Web Resources Local Attorneys http://ethiopia.usembassy.gov/attorney_information.html Corruption Perceptions Index http://cpi.transparency.org/cpi2011/results/#CountryResults

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Department of Commerce Office of the Chief Counsel for International Commerce http://www.commerce.gov/os/ogc/international-commerce Global Corruption Report http://www.transparency.org/publications/gcr

Global Enabling Trade Report http://www.weforum.org/en/initiatives/gcp/GlobalEnablingTradeReport/index.htm Information on the Foreign Corrupt Practices Act http://www.justice.gov/criminal/fraud/docs/dojdocb.html Office of the Chief Counsel for International Counsel http://www.ogc.doc.gov/trans_anti_bribery.html Patent, Trademark, or Copyright issues http://www.stopfakes.gov The UN Anticorruption Convention http://www.unodc.org/unodc/en/treaties/CAC/signatories.html To report a Trade Barrier http://tcc.export.gov/Report_a_Barrier/index.asp U.S. Department of Justice Fraud Section http://www.justice.gov/criminal/fraud/fcpa U.S. State Departments Annual Human Rights Report http://www.state.gov/g/drl/rls/hrrpt/ World Bank Business Environment and Enterprise Performance Surveys http://go.worldbank.org/RQQXYJ6210 World Bank Global Integrity Report http://report.globalintegrity.org/ Worldwide Governance Indicators http://info.worldbank.org/governance/wgi/sc_country.asp Return to table of contents

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Chapter 7: Trade and Project Financing


How Do I Get Paid (Methods of Payment) How Does the Banking System Operate Foreign-Exchange Controls U.S. Banks and Local Correspondent Banks Project Financing Web Resources

How Do I Get Paid (Methods of Payment)

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There are different basic methods of receiving payment for products sold in Ethiopia, the selection of which is usually determined by the degree of trust in the buyer's ability to pay. Payment alternatives that U.S. exporters might consider, in order of the most secure to the least secure, include: Confirmed irrevocable letter of credit (if concerned about the importer and international standing of his bank) Irrevocable letter of credit (if concerned only about the reliability of the importer) Documentary collection (cash against document) International Telegraphic Transfer (when the transaction is below $5,000 and for certain types of goods, such as urgent medicine).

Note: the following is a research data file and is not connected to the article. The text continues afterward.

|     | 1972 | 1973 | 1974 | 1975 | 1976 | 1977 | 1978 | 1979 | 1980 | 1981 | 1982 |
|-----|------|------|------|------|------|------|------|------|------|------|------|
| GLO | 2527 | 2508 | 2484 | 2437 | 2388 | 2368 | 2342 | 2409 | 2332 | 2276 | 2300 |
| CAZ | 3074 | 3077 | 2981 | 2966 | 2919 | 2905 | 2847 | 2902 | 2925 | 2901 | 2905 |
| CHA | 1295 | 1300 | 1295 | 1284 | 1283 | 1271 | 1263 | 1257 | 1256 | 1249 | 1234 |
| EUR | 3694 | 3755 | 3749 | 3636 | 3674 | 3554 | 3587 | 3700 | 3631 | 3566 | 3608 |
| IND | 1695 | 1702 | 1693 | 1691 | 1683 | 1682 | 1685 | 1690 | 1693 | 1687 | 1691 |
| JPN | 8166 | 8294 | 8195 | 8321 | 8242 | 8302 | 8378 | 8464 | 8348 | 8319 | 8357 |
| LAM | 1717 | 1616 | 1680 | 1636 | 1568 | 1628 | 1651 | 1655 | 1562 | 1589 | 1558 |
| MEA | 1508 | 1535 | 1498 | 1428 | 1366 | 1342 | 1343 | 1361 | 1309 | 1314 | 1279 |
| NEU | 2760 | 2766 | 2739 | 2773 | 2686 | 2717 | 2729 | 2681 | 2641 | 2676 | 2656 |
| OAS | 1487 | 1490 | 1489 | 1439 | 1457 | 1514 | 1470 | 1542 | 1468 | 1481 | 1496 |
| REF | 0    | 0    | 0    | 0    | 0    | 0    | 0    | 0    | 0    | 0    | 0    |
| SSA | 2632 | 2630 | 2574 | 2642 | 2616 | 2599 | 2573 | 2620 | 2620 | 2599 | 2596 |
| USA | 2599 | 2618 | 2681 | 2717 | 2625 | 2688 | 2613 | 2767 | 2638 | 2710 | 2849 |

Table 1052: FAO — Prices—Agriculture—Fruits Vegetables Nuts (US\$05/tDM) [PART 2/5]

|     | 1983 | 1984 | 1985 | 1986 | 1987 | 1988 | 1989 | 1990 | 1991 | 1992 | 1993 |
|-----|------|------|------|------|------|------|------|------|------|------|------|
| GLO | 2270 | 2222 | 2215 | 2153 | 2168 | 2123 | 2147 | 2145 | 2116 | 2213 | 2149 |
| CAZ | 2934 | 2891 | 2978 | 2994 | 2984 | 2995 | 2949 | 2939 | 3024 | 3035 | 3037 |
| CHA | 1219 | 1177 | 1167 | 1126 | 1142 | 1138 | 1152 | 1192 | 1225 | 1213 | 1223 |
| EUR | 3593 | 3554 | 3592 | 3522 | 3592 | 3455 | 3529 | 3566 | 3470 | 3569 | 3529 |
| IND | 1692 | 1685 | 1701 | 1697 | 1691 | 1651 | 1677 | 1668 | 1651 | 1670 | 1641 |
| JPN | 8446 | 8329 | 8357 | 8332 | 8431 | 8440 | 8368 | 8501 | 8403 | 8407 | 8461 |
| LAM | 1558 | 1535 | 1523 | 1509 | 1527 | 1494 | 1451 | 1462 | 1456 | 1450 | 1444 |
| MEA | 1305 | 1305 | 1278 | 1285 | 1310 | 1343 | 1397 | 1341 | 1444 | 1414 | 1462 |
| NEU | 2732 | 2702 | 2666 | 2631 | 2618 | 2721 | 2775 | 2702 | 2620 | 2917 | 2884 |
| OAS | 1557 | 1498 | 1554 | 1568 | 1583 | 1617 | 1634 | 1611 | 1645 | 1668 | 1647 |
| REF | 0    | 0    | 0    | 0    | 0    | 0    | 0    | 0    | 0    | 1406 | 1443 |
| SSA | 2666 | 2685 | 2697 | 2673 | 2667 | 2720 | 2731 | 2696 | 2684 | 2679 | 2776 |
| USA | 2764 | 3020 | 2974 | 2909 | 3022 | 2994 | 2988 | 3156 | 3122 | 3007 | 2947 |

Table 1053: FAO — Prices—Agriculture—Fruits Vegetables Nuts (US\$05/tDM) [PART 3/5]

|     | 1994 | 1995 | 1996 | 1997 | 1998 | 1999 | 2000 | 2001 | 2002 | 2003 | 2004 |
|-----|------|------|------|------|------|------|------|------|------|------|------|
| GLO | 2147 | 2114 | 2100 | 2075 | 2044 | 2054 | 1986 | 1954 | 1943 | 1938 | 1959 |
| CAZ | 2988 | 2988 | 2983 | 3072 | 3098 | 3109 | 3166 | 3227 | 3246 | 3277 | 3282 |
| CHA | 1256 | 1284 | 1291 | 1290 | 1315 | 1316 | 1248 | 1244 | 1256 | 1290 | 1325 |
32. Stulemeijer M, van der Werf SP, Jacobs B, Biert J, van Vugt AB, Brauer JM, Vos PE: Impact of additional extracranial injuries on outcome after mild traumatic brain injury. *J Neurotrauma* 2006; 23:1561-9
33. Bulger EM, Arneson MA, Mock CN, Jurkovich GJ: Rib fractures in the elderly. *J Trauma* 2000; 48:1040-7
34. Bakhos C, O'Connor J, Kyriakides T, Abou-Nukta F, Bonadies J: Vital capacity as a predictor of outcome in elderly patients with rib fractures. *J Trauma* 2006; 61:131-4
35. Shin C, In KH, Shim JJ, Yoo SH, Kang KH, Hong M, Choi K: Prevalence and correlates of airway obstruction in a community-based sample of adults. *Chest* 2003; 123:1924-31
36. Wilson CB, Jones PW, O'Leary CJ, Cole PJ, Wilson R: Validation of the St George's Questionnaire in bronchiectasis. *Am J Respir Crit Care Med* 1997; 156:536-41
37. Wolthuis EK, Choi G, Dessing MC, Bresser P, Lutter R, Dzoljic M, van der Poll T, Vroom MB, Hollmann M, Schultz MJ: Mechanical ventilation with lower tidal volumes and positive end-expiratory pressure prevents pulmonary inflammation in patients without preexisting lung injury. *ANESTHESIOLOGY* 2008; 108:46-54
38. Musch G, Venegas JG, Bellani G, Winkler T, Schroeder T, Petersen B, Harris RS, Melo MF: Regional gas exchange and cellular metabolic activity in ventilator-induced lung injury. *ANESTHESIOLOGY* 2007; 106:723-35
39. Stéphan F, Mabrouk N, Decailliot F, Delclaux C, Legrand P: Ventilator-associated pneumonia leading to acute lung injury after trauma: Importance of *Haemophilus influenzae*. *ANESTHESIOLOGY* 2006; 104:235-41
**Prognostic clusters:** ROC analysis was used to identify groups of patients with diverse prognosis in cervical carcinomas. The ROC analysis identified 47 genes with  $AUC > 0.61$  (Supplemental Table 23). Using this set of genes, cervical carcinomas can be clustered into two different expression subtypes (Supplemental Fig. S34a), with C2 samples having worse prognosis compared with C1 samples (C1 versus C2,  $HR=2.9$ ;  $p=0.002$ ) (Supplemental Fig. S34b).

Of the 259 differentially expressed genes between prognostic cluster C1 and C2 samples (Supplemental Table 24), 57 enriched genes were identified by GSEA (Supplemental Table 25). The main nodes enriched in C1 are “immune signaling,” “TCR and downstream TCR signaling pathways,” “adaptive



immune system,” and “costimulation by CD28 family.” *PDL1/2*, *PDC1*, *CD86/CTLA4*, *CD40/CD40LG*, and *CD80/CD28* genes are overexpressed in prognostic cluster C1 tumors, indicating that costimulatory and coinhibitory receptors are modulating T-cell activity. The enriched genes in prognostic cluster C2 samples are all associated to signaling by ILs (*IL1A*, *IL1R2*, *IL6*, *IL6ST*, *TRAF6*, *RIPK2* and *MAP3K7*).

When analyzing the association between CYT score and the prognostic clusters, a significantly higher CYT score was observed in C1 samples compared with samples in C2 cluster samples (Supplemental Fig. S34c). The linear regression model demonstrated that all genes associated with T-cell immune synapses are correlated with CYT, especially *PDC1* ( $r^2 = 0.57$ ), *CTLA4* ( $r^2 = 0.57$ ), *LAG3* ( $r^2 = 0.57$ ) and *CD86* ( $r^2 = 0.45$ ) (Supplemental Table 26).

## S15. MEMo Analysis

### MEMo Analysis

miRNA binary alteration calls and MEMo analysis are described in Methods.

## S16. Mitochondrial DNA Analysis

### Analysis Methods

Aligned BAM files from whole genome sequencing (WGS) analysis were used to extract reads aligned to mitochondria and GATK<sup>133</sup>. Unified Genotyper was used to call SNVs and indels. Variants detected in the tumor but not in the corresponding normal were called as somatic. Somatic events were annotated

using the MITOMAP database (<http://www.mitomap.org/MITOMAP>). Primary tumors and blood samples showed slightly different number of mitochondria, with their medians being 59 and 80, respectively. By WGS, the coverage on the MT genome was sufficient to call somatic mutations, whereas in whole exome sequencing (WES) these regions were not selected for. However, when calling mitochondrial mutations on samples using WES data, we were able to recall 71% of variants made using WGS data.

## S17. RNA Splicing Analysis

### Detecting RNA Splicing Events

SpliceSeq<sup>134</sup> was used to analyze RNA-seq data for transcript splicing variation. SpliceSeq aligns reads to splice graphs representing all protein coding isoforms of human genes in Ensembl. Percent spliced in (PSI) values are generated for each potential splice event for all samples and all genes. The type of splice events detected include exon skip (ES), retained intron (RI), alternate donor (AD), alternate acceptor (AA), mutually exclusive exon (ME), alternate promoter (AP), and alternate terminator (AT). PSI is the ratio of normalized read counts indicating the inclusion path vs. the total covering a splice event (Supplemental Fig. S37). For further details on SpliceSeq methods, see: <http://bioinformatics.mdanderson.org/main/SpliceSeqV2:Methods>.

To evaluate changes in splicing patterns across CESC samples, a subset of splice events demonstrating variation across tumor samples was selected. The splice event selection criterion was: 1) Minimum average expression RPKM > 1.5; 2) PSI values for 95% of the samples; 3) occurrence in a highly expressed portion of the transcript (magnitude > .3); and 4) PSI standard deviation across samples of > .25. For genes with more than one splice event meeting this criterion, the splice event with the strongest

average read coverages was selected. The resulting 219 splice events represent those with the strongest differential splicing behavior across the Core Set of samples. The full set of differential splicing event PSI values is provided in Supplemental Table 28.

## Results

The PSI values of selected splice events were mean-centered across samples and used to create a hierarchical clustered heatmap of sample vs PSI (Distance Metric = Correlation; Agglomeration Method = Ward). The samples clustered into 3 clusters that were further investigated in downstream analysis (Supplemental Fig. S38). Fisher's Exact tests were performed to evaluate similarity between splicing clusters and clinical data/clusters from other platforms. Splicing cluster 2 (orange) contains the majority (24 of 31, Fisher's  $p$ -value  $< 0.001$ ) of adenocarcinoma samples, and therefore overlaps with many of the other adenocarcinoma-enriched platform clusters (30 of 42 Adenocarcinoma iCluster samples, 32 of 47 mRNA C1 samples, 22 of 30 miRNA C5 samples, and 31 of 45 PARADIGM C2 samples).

As a general rule, U.S. exporters selling to Ethiopia for the first time are advised to transact business only on the basis of an irrevocable letter of credit, confirmed by a recognized international bank. Any other form of payment carries a high level of risk.

How Does the Banking System Operate

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The Ethiopian Government allowed the establishment of private banks and insurance companies in 1994, but continues to prohibit foreign ownership in this sector. The Ethiopian banking sector is currently comprised of a central bank (National Bank of Ethiopia or NBE), three government-owned banks, twelve private banks, and twelve insurance companies. In 2011, six more private banks are under formation but not yet issued licenses. The state-owned Commercial Bank of Ethiopia (CBE) dominates the market in terms of assets, deposits, bank branches, and total banking workforce. CBE operated 454 branches as of September 2011, holding $6.2 billion in assets. The two government-owned specialized banks are the Development Bank of Ethiopia (DBE) and the Construction and Business Bank (CBB). DBE extends short, medium, and long-term loans for viable development projects, including industrial and agricultural projects. DBE also provides other banking services such as checking and saving accounts to its clients. The CBB provides long-term loans for construction, acquisition or maintenance of dwellings, community facilities, and real estate development. In addition, it offers all other commercial banking services to business.

NBE aims to foster monetary stability and a sound financial system, maintaining credit and exchange conditions conducive to the balanced growth of the economy. NBE may engage with banks and other financial institutions in the discount, rediscount, purchase, or sale of duly signed and endorsed bills of exchange, promissory notes, acceptances, and other credit instruments with maturities of not more than 180 days from the date of their discount, rediscount, or acquisition by the bank. The bank may buy, sell, and hold foreign currency notes and coins and such documents and instruments, including telegraphic transfers, as are customarily employed in international payments or transfers of funds. Lack of access to finance is a hindrance for local businesses. The lending caps put on commercial banks so as to control money supply expansion and thereby inflation were lifted as of April 2011. The lending caps policy was replaced with a much more stringent directive that forces banks to purchase central bank bills to the tune of 27% of their loans and advances at an interest of 3% (lower than the cost of funds at 5%) and a maturity of five years. As a result, banks' liquidity and capacity to supply businesses with needed finance is seriously threatened. To address these problems, the central bank has recently reduced reserve and liquidity requirements of banks from 15% and 25% to 10% and 20%, respectively. However, it is widely acknowledged that this measure would not solve the problems apart from relieving short-term liquidity shortages.

Foreign Exchange Controls